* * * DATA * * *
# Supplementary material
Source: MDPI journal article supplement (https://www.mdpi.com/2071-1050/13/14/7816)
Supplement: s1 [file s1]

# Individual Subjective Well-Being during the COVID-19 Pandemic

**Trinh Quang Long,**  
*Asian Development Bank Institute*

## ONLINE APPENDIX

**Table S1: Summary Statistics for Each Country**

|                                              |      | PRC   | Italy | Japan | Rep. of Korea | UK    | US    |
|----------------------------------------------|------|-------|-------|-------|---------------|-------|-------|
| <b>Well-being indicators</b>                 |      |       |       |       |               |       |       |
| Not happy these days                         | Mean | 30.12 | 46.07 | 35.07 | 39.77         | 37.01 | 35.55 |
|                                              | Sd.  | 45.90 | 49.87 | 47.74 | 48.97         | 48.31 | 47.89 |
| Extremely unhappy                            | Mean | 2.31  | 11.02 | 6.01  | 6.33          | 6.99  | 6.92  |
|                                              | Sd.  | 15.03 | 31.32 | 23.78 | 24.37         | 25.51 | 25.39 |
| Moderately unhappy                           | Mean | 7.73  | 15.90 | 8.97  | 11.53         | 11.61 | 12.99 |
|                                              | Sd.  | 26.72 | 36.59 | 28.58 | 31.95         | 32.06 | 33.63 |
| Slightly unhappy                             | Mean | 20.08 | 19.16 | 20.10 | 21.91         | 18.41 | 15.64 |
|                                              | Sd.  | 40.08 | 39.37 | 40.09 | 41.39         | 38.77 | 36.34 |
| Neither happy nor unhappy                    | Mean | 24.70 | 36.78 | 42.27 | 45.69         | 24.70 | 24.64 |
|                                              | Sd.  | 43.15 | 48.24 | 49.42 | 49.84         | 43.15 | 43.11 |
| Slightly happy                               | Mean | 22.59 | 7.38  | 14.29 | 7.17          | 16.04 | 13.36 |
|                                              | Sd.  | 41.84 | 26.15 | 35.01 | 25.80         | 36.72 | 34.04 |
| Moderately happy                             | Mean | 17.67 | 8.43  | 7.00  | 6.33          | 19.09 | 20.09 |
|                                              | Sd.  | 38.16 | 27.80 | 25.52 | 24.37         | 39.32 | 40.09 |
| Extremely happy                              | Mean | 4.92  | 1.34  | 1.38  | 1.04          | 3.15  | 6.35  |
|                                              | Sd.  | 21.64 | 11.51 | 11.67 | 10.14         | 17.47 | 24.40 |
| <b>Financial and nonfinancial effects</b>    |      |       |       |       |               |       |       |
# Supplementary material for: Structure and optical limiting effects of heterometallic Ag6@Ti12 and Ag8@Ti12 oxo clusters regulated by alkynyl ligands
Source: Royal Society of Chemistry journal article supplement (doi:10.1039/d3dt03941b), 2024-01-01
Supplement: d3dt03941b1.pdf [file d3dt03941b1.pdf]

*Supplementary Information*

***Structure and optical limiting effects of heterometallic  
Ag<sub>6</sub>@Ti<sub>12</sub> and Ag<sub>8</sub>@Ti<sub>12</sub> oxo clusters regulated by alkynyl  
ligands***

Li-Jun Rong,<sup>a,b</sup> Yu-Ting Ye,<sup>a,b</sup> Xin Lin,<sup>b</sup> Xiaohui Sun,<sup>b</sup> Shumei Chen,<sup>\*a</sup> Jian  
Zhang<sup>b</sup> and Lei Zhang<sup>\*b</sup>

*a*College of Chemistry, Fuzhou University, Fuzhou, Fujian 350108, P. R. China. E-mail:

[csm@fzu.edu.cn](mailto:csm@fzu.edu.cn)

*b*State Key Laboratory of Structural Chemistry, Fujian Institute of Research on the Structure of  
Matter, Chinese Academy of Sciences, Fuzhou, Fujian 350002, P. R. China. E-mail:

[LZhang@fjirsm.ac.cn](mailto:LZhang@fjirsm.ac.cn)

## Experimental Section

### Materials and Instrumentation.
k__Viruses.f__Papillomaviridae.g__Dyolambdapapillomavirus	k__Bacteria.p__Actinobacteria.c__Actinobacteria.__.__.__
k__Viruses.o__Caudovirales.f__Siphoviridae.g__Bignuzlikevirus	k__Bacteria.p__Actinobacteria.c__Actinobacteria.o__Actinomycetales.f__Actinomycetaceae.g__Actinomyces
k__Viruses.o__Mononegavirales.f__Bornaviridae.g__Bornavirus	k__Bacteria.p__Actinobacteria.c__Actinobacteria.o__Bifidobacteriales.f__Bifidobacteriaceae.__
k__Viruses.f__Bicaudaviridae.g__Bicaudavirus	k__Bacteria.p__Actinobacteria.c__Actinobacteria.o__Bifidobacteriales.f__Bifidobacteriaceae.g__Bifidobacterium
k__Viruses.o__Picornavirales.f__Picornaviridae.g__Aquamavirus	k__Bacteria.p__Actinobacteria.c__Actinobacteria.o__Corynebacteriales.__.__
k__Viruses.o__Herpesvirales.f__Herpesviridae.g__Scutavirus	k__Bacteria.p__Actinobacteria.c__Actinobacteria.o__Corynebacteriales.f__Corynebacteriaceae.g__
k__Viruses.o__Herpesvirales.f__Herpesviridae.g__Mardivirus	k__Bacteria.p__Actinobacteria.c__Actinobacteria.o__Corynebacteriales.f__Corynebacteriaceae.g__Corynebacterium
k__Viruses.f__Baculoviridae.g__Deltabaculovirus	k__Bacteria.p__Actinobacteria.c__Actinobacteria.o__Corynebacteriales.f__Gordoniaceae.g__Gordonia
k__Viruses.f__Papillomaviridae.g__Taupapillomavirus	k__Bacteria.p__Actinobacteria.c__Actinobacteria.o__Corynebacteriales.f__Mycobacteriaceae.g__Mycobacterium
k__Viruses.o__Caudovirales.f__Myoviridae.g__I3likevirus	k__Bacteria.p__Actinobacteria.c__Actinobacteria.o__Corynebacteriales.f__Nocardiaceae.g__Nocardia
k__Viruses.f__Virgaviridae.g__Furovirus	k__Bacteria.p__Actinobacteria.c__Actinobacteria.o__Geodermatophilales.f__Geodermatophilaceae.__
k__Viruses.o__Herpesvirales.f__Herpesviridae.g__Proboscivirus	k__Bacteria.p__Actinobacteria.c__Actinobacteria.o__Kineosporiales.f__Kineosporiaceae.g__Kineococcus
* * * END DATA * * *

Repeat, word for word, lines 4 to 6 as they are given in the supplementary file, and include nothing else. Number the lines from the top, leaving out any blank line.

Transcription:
# Individual Subjective Well-Being during the COVID-19 Pandemic

**Trinh Quang Long,**  
*Asian Development Bank Institute*